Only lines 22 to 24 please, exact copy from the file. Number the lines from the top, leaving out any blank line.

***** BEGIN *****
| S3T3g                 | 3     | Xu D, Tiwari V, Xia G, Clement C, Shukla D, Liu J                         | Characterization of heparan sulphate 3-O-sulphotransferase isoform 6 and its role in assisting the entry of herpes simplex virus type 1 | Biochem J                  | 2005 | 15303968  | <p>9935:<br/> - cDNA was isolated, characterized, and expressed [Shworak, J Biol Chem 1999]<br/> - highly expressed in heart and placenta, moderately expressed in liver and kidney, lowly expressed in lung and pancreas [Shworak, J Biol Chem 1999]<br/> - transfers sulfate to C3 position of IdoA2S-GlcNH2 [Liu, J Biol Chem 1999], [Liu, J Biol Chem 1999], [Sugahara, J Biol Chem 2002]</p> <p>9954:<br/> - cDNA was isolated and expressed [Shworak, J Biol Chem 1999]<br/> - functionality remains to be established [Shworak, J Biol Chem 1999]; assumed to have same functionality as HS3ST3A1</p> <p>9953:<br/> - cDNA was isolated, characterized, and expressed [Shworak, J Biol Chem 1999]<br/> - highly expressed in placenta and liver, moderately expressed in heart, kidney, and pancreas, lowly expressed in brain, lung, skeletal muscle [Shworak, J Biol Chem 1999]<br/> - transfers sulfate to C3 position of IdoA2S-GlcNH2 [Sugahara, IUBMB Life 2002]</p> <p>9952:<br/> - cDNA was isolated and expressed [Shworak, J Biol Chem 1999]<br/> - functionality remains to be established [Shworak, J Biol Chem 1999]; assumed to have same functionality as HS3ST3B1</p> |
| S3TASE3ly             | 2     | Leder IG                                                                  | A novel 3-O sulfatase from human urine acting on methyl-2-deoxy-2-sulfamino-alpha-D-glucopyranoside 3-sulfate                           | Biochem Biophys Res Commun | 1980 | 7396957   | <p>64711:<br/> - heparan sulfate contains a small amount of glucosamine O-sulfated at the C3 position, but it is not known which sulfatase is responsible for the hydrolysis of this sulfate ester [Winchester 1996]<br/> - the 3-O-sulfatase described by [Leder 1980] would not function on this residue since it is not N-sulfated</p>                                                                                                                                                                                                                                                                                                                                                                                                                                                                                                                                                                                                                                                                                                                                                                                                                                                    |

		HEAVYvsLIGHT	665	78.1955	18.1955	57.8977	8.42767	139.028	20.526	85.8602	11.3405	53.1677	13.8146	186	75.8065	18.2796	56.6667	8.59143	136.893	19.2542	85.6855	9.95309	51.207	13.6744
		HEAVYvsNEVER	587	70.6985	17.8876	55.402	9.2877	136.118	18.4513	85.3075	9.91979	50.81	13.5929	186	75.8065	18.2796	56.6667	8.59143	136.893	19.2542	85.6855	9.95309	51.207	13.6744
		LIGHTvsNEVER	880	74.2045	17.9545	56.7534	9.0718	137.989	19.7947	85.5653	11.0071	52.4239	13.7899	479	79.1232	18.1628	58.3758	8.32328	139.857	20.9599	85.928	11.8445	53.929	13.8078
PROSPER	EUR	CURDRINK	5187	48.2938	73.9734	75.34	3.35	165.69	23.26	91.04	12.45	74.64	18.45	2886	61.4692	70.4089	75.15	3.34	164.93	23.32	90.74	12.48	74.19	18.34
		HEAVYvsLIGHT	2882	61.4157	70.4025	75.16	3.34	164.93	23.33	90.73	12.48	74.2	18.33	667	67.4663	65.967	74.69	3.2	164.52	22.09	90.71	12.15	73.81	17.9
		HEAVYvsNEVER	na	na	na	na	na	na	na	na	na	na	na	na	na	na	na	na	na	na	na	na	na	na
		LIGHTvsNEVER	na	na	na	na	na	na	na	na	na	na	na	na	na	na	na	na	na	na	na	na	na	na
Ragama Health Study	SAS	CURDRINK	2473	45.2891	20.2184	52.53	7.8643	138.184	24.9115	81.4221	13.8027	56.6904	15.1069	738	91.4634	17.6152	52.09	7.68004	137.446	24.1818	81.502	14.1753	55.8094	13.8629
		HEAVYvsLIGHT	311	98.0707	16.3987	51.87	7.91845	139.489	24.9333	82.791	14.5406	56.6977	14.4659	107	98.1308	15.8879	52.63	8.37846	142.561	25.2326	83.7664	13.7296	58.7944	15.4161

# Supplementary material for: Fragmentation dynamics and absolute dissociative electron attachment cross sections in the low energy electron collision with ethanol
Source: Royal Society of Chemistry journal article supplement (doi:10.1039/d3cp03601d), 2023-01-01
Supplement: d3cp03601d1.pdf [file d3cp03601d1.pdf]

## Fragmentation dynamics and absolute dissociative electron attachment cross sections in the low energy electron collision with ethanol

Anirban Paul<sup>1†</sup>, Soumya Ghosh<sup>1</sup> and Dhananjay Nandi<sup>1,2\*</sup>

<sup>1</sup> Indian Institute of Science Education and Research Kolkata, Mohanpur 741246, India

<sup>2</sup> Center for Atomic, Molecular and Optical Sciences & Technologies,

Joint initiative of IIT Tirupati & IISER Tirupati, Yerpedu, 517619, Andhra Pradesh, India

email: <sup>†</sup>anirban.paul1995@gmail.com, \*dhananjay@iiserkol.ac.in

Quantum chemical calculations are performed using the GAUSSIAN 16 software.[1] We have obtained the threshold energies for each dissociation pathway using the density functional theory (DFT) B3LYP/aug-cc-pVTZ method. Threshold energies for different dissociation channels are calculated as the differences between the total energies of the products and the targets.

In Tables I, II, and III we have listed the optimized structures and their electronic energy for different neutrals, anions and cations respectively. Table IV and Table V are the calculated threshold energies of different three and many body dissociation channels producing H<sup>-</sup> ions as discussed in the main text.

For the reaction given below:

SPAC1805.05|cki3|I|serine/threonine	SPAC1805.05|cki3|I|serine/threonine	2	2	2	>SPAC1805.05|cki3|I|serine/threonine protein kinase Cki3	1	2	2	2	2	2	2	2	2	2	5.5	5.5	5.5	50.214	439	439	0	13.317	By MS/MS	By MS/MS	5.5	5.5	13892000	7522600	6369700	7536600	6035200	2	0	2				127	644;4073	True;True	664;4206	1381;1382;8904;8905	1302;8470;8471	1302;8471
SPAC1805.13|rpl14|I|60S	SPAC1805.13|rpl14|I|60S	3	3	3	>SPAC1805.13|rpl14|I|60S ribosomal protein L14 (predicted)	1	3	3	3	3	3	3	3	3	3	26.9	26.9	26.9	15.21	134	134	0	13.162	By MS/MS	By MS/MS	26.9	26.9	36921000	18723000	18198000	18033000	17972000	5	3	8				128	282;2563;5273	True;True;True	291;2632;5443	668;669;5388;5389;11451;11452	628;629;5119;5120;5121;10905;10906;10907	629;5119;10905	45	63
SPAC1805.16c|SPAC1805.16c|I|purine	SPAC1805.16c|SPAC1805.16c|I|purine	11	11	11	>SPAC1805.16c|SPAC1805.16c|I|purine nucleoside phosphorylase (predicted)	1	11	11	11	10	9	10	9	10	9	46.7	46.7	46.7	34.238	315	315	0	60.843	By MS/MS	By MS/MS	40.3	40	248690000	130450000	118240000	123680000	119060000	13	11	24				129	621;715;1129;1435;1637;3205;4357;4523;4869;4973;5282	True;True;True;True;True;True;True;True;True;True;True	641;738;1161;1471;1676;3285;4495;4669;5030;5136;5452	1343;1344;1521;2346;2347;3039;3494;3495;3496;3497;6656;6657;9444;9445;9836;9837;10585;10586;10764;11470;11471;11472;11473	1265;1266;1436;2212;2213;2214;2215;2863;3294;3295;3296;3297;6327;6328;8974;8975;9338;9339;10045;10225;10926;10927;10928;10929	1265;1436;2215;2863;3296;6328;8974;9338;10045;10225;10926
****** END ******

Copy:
In Tables I, II, and III we have listed the optimized structures and their electronic energy for different neutrals, anions and cations respectively. Table IV and Table V are the calculated threshold energies of different three and many body dissociation channels producing H<sup>-</sup> ions as discussed in the main text.

For the reaction given below:

SPAC1805.05|cki3|I|serine/threonine	SPAC1805.05|cki3|I|serine/threonine	2	2	2	>SPAC1805.05|cki3|I|serine/threonine protein kinase Cki3	1	2	2	2	2	2	2	2	2	2	5.5	5.5	5.5	50.214	439	439	0	13.317	By MS/MS	By MS/MS	5.5	5.5	13892000	7522600	6369700	7536600	6035200	2	0	2				127	644;4073	True;True	664;4206	1381;1382;8904;8905	1302;8470;8471	1302;8471